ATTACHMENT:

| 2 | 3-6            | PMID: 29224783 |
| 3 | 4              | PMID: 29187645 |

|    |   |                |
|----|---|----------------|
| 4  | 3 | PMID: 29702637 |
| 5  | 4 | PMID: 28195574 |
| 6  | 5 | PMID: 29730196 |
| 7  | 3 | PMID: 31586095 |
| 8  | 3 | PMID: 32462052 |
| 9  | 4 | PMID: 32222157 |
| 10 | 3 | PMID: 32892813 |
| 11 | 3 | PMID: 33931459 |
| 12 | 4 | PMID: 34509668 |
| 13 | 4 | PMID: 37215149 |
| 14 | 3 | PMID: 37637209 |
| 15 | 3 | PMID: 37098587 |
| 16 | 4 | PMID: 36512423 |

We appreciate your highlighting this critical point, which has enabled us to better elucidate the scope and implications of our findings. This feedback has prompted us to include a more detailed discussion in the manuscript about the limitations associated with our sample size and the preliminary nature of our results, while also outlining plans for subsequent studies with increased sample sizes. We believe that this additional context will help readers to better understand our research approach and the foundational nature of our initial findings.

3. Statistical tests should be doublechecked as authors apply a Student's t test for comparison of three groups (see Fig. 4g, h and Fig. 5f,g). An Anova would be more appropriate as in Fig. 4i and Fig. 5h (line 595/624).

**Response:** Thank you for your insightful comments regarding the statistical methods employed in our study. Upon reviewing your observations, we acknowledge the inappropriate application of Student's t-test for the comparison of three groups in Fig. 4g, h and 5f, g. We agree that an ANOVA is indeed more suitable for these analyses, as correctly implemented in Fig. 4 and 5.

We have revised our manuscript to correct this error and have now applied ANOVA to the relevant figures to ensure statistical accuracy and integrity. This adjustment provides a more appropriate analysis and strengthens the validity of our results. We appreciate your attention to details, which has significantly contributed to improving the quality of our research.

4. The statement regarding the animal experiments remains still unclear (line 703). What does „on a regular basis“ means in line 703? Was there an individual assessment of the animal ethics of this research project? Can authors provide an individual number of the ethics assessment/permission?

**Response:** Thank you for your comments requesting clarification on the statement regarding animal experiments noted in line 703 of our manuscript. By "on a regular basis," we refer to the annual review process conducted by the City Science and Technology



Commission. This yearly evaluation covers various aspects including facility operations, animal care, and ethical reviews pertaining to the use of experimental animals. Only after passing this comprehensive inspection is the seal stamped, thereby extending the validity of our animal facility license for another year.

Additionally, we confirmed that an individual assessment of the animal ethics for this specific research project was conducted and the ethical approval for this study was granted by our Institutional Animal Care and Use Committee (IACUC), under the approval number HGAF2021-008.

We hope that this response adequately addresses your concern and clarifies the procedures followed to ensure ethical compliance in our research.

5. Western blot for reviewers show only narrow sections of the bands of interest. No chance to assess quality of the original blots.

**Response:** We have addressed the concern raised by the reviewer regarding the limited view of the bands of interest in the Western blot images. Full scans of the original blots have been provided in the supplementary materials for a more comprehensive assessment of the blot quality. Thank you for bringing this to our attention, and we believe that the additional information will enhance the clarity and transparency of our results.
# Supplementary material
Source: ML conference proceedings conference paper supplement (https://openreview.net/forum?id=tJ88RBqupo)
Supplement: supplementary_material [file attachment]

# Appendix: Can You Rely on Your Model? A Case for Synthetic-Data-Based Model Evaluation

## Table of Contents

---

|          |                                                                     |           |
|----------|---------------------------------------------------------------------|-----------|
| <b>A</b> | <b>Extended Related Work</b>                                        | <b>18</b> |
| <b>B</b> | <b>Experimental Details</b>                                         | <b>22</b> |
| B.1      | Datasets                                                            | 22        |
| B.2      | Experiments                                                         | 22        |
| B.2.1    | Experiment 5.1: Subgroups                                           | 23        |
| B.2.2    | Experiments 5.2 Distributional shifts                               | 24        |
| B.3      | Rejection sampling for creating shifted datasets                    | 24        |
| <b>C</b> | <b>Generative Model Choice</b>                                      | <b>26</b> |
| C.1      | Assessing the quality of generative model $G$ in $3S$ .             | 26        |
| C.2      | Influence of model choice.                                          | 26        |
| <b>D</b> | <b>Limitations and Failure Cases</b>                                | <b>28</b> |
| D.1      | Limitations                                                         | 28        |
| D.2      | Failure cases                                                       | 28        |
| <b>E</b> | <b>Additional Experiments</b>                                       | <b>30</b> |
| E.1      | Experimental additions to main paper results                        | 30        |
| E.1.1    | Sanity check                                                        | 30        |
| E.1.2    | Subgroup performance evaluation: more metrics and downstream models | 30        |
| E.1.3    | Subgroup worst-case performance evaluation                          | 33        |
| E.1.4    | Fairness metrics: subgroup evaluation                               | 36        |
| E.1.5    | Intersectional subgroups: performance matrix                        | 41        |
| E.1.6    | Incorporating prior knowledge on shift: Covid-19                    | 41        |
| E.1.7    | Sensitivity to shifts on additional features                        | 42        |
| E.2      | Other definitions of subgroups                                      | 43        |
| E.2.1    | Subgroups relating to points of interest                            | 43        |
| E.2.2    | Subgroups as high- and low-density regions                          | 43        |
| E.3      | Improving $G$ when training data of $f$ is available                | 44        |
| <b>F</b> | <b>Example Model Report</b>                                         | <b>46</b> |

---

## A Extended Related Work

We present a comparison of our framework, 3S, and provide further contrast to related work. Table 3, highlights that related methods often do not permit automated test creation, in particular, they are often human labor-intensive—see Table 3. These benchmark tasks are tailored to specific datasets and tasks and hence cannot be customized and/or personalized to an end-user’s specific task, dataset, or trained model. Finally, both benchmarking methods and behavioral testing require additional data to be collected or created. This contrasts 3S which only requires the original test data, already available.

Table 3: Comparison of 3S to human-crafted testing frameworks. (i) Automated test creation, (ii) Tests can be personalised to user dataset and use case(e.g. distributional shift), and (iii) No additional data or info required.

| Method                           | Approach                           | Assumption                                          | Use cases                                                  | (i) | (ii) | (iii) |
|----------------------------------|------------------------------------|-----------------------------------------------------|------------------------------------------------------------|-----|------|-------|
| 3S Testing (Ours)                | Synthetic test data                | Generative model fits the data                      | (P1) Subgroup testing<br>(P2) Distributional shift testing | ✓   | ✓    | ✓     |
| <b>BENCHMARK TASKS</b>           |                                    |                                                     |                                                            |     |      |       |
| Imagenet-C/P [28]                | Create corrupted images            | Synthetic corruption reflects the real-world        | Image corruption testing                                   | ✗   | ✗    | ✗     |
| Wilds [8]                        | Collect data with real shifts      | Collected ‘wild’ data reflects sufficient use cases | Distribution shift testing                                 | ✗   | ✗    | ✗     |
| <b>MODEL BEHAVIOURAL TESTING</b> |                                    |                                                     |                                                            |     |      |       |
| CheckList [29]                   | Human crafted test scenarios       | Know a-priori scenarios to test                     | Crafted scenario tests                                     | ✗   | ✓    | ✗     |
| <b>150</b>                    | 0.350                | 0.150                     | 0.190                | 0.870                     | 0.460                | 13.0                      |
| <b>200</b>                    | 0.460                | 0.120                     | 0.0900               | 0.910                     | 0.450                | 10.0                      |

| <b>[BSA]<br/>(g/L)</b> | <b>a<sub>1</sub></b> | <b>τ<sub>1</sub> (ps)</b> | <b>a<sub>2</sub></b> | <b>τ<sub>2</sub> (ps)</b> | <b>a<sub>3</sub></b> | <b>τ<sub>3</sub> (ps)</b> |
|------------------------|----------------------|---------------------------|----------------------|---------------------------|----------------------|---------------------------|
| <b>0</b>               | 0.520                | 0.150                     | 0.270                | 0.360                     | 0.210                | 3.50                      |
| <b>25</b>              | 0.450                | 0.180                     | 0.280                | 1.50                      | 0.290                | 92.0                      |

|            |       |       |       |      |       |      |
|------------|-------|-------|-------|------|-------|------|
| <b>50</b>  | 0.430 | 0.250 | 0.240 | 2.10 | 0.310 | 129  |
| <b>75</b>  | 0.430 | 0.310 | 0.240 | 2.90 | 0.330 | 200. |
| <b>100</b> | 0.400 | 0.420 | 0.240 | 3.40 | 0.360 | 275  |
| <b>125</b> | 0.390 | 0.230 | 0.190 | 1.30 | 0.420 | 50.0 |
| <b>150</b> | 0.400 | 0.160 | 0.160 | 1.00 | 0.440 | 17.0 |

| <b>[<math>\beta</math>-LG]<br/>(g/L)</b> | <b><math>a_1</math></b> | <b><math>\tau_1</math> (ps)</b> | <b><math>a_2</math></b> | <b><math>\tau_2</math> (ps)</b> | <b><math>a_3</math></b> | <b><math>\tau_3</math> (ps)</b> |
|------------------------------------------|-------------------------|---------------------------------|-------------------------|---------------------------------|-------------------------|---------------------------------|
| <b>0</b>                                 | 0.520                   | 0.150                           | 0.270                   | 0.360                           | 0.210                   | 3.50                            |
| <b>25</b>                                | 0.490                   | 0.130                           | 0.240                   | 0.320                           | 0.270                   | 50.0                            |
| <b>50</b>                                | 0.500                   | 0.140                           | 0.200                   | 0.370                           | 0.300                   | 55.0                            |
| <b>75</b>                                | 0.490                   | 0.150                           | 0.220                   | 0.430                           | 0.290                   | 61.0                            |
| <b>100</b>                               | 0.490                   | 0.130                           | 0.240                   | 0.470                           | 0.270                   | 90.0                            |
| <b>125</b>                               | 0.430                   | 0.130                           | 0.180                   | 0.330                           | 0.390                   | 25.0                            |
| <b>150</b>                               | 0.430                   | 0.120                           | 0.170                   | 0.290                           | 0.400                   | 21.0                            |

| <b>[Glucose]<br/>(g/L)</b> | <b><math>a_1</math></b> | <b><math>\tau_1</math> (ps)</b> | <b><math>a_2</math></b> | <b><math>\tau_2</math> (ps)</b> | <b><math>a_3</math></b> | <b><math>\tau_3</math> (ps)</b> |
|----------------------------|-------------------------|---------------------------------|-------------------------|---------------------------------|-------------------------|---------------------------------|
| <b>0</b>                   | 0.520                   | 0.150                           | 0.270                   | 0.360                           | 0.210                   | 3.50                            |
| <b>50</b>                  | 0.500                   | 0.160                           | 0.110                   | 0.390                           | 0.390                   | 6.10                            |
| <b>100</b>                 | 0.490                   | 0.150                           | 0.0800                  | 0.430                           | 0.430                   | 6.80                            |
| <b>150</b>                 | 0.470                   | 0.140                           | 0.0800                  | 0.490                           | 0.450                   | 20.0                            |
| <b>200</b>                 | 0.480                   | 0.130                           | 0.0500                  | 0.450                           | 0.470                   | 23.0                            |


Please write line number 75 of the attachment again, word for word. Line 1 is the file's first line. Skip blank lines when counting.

| CheckList [29]                   | Human crafted test scenarios       | Know a-priori scenarios to test                     | Crafted scenario tests                                     | ✗   | ✓    | ✗     |